So whether you’re looking for a way to cash flow without tenants or to find some bank owned deals ahead of the REO and sheriff sale market, hopefully the perspective of Matt the Asset Manager can be of some help to you. I am very curious to hear some other BP folks’ opinions on this topic.

If you’re already an investor in notes, which do you prefer to manage (first or second liens)?  If not, would you be more inclined to manage one over the other?

Weigh in in the comments below, and let’s talk!

Since 2007, Dave Van Horn has served as president and CEO of PPR The Note Co., a holding company that manages several funds that buy, sell, and hold residential mortgages nationwide. Dave’s expertise is derived from over 30 years of residential and commercial real estate experience as a licensed Realtor, a real estate investor, and a fundraiser. As the latter, Dave has raised over $100 million in both notes and commercial real estate. In addition to his investments and role as CEO, Dave’s biggest passion is to teach others how to share, build, and preserve wealth. He authored Real Estate Note Investing, an introduction to the note investing business, helping investors enter the “other side” of the real estate business.

    David Putz
    Replied over 4 years ago
    Always a first man. Though a performing 2nd in your SD roth Ira is nice.
    Dave Van Horn Fund Manager from Berwyn, PA
    Replied over 4 years ago
    Hi David, I agree; I own performing 2nds in my SD Roth IRA as well, and it’s very passive. Best, Dave
    Patrick D.
    Replied over 4 years ago
    Hey Dave, You’re known for being a 2nds guy so it’s pretty odd to read you saying you would rather start with firsts. Do you think PPR would have been much bigger if you stated your 1sts fund years before? We typically buy 2nds but 1sts seem to have a lot less stress associated with them. Even though I’m a natural risk taker, we’re very small and there’s a lot of anxiety about getting wiped or having to put them in the drawer pretty much at the borrower’s whim. The same events with 1sts (ie BK, FC) only feel like pebbles on the road. The one difference Matt didn’t talk about is the difference in collateral you can get with 1sts and 2nds. Most 2nds we have are on houses in the 100-250k FMV range that are owner occupied. If you’re able to source those equivalent 1st notes in the first place, they trade at a premium. Most of the 1sts sold by newbie-friendly companies are in the 0-100k FMV range and there’s a lot of horrible houses in there.
    Dave Van Horn Fund Manager from Berwyn, PA
    Replied over 4 years ago
    Hi Patrick D., Thanks for your comment. Regarding your first question, we found opportunity in the second lien space, and that opportunity remains. That being said, as our company has grown, we’ve seen value in expanding our portfolio to include both first and second liens. They’re both so different, and I only imagine that we’ll continue to do both. We created PPR with OPM, but we had limited capital. If I put myself in the shoes of a newer note investor who has a background in real estate and has much of his/her own capital in the game, I can see why this individual would be inclined to invest in first liens. Also, you brought up a good point regarding the difference in collateral and pricing. Since the more common exit for first liens is through the property, FMV plays a huge role in pricing, as does the status of tax liens and insurance. With seconds, on the other hand, the more common exit is through communication with the borrower, and so UPB, senior lien status, and equity above the first lien have more of an impact on pricing than FMV. For example, you’re going to pay more for a non-performing second lien with partial to full equity that is current on the first than you’re going to pay for a non-performing second lien without equity that’s delinquent on the first, regardless of the FMV for each property. Best, Dave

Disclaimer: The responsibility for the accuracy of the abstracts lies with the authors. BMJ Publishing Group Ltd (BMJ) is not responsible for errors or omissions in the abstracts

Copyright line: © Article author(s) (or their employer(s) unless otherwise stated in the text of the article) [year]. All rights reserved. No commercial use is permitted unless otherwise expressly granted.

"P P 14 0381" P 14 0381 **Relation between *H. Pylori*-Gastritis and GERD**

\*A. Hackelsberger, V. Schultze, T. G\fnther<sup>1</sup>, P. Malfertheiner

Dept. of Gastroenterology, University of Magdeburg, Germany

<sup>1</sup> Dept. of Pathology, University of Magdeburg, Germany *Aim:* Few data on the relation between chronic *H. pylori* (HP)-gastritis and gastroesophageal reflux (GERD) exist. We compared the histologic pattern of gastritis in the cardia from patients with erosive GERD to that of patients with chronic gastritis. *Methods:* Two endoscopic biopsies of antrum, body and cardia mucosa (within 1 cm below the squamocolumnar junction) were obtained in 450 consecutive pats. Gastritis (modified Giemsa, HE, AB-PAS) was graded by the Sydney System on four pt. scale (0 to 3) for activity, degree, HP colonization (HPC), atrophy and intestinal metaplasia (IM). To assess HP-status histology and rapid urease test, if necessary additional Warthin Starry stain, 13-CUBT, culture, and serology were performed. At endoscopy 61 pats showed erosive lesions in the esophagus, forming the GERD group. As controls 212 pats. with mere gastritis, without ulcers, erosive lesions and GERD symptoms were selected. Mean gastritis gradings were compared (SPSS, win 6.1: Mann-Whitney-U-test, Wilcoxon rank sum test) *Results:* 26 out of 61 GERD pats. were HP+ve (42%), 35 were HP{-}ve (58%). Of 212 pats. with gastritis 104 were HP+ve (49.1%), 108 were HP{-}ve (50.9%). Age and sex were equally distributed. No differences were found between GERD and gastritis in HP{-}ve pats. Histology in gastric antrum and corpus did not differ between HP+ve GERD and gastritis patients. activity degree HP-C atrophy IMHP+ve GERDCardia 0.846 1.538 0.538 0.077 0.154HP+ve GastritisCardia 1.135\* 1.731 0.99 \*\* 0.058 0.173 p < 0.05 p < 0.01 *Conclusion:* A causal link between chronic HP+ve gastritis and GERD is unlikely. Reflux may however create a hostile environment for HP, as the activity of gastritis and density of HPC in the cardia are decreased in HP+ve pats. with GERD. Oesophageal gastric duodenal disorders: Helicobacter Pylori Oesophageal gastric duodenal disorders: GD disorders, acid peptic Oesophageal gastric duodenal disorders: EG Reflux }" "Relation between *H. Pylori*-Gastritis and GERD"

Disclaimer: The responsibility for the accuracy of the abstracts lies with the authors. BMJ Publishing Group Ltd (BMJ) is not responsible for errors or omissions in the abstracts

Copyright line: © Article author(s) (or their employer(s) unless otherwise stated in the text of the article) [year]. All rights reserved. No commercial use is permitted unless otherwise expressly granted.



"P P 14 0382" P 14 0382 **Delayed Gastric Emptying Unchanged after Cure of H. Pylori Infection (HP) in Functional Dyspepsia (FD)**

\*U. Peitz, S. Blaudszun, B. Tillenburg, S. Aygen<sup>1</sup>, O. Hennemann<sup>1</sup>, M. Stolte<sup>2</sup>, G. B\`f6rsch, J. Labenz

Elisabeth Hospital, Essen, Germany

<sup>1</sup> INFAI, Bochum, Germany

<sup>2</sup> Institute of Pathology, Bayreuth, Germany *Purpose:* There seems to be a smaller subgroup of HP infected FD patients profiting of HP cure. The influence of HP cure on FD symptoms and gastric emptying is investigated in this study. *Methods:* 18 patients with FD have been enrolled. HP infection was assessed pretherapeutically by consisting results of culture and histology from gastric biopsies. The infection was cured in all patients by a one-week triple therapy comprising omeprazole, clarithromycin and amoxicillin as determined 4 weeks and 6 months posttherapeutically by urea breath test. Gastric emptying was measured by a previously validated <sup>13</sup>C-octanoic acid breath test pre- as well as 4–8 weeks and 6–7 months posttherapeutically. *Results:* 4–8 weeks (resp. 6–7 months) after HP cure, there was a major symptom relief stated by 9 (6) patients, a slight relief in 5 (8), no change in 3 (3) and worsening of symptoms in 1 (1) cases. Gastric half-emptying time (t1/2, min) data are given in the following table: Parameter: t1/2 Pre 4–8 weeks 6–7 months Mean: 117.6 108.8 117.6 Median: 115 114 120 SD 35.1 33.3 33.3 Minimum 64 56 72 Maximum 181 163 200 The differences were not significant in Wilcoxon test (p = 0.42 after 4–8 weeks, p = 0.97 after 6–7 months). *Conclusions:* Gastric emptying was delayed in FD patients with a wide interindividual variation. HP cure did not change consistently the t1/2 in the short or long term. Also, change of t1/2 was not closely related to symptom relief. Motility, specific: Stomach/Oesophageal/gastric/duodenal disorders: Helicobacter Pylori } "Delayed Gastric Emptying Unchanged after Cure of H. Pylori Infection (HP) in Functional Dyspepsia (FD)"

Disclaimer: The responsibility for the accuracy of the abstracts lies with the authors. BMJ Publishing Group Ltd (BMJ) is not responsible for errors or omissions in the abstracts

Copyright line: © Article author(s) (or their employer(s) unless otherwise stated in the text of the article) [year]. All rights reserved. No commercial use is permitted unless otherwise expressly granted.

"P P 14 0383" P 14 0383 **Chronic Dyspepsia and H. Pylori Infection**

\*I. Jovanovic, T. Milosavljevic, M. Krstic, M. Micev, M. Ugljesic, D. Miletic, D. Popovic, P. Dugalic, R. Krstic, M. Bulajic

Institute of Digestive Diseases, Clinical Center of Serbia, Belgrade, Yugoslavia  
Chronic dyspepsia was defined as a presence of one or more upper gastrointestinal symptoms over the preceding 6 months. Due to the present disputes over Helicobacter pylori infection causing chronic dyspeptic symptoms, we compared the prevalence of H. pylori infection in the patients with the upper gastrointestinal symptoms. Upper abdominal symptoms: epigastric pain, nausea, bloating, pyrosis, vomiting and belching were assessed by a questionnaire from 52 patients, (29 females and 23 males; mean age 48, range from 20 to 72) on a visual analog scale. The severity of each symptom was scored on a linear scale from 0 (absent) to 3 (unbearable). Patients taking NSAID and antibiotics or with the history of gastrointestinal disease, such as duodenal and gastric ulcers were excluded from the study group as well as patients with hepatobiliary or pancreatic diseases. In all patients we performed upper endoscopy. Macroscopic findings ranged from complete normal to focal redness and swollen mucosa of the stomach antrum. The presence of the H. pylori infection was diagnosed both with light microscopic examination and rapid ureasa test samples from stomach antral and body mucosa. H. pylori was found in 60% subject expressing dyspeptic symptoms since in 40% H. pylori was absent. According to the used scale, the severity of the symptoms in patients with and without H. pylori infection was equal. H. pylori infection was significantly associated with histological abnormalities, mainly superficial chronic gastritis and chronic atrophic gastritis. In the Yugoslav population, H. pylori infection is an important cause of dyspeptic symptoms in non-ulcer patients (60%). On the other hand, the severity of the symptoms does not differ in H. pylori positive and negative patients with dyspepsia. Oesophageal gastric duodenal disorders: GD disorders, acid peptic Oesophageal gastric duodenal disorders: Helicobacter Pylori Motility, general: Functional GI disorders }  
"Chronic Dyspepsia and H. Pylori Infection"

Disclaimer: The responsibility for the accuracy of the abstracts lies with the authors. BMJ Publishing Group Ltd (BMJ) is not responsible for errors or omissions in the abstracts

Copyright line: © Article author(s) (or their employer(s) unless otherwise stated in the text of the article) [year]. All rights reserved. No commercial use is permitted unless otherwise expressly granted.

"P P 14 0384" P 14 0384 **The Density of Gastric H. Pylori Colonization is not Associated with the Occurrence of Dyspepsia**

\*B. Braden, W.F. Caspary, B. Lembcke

Suzie R. Rental Property Investor from Seattle, WA
    Replied over 4 years ago
    My risk tolerance is low to medium so I’m trying to buy 1st lien mortgages. Glad to see what I’ve read so far about 1st liens reiterated here.
    Dave Van Horn Fund Manager from Berwyn, PA
    Replied over 4 years ago
    Hi Suzie, You’re correct, it’s a risk & reward equation. Thanks for your comment, Dave
    William Collins Investor from Rocky Hill, Connecticut
    Replied over 4 years ago
    With notes are you screening on property type as well as lien position? Are you favoring multifamily or single family for instance?
    Dave Van Horn Fund Manager from Berwyn, PA
    Replied over 4 years ago
    Hi William, Yes, we do screen property type, as we don’t buy commercial (just residential, 1-4 family owner occupied).
    David Putz from Jackson, New Jersey
    Replied over 4 years ago
    Depending on the position. If it’s a 1st then the property value is more important. Once you establish value you then pull title or look at your o&e report, to ensure that your in 1st position. Lastly look at local taxes and municipal liens (water) so you know who is in front of you incase you need to foreclose. Multi family or single does not matter as much as does with majority of bigger pockets focus on brick and mortar. You care how strong your comps are(for value), ensuring lien position, taxes, and that the collateral is all together.
    Dave Van Horn Fund Manager from Berwyn, PA
    Replied over 4 years ago
    Valuable insight, David. Thanks for sharing!
    Mark Gibbs Investor from Lake Oswego , Oregon
    Replied over 4 years ago
    Hi Dave- Probably a basic question, but what is the concern with insurance? From the perspective of needing to have insurance on a property to protect your interest I can understand. But do you deal with lien’s on property from an insurance lender? Also, during a due diligence phase, how would you verify if there is insurance on a property currently? Great post, thanks!
    Jeff Hensel Lender from San Diego, CA
    Replied over 4 years ago
    Interesting article. Thank you.